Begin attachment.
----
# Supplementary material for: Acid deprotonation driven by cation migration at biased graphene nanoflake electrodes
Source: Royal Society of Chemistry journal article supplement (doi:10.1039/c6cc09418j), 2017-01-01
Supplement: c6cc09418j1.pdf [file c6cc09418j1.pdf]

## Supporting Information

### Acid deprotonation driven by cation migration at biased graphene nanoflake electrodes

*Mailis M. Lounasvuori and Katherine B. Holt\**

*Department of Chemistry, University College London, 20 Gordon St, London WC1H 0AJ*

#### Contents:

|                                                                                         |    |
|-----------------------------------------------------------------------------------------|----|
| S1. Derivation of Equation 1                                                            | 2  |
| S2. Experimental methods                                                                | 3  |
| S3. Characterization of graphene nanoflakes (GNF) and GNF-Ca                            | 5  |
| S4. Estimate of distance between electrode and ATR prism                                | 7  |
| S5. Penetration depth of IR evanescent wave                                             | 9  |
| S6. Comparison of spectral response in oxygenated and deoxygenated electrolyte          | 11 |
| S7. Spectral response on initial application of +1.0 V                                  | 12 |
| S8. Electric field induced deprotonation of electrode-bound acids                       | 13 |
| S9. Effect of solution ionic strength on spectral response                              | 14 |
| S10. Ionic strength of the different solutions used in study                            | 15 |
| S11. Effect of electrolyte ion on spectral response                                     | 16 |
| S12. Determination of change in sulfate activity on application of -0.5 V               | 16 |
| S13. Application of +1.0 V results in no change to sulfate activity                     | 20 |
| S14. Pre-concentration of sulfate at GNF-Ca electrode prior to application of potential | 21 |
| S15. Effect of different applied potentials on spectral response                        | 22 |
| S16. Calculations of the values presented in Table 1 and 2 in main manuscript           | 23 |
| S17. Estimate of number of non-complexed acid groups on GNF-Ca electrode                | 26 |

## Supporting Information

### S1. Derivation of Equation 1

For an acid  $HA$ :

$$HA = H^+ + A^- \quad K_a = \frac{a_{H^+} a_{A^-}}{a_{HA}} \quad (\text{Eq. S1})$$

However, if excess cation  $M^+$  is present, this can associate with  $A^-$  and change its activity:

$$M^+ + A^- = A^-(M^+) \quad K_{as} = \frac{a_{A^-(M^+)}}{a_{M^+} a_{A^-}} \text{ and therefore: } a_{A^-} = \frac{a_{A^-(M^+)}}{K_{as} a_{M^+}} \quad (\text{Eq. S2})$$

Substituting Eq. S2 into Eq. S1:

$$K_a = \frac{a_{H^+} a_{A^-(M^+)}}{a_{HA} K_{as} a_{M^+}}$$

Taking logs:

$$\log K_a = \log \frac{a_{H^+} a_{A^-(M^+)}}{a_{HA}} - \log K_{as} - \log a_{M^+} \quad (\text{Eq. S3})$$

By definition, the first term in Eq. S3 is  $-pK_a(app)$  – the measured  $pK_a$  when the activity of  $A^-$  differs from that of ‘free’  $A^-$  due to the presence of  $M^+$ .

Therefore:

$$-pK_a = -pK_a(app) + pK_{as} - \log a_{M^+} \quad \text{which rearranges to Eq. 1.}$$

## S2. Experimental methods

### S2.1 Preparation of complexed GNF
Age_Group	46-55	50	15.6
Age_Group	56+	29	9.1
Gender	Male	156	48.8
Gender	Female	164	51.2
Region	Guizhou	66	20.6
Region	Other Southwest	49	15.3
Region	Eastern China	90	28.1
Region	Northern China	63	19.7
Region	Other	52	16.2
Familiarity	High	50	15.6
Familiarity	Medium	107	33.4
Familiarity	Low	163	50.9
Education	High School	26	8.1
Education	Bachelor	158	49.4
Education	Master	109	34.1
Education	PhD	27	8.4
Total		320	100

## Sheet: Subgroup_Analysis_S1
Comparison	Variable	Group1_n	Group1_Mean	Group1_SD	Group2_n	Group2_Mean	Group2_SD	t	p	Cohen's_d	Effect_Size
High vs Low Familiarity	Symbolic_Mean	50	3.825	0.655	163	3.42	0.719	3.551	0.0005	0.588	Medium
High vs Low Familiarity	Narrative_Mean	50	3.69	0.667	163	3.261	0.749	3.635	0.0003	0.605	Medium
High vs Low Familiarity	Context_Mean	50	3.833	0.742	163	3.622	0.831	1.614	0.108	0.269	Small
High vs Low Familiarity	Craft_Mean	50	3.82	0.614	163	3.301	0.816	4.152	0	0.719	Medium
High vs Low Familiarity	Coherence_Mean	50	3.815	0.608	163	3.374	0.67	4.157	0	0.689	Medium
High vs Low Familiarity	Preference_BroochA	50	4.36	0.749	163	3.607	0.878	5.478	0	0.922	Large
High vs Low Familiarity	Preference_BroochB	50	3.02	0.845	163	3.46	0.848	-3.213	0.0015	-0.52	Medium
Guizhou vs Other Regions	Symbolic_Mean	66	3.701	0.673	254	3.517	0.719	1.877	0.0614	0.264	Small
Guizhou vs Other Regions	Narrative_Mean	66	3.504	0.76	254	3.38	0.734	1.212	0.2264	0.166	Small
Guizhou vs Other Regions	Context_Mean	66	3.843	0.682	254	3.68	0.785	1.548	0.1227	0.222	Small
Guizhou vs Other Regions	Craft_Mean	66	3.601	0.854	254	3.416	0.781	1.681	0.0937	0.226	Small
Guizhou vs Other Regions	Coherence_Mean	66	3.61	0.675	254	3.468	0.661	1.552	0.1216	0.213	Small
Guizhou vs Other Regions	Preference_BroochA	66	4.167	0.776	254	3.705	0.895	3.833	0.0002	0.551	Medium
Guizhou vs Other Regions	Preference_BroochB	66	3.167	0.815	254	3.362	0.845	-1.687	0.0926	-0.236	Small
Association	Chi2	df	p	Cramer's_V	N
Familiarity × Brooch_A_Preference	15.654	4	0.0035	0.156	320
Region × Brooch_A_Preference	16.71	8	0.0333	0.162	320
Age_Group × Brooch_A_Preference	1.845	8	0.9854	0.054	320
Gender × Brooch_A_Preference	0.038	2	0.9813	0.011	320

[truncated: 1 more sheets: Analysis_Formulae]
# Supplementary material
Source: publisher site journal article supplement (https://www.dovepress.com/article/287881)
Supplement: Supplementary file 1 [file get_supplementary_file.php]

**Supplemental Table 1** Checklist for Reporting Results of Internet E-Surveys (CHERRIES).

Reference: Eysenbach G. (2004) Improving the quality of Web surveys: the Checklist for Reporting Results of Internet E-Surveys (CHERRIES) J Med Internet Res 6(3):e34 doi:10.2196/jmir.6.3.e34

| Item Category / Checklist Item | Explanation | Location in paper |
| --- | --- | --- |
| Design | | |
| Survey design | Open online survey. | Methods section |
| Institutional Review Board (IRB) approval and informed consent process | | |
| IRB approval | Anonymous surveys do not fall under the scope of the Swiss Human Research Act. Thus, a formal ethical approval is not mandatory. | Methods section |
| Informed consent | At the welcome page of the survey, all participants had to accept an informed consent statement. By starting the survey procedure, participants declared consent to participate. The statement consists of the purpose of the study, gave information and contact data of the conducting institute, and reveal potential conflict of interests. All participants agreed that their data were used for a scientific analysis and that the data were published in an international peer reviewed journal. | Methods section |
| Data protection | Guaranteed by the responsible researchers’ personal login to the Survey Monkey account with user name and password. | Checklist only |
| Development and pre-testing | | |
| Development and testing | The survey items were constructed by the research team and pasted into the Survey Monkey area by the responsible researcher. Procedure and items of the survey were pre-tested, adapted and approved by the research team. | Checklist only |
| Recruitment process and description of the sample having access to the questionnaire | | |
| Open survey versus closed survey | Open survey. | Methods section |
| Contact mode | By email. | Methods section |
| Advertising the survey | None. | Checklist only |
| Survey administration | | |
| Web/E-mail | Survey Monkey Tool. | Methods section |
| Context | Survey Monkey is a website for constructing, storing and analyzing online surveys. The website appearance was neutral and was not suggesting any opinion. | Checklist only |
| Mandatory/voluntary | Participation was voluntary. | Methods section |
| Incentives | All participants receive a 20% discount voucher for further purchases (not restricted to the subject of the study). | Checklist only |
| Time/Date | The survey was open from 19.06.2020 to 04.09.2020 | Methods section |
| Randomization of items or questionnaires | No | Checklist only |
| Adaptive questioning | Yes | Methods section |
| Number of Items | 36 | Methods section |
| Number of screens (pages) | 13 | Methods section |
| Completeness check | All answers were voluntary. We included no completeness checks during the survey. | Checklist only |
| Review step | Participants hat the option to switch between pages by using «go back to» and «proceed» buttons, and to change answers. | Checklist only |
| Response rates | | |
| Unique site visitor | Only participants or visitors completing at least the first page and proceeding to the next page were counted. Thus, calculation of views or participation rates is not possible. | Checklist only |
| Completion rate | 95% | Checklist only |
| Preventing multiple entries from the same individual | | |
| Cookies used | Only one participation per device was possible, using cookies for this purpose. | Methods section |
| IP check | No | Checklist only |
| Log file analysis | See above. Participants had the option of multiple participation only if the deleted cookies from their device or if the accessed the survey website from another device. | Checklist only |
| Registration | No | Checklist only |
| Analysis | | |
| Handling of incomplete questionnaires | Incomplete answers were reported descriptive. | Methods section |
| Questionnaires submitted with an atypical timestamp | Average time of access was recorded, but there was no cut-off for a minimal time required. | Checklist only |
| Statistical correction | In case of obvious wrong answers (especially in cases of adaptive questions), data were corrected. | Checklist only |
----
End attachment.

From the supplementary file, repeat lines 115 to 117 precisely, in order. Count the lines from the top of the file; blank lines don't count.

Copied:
| Completion rate | 95% | Checklist only |
| Preventing multiple entries from the same individual | | |
| Cookies used | Only one participation per device was possible, using cookies for this purpose. | Methods section |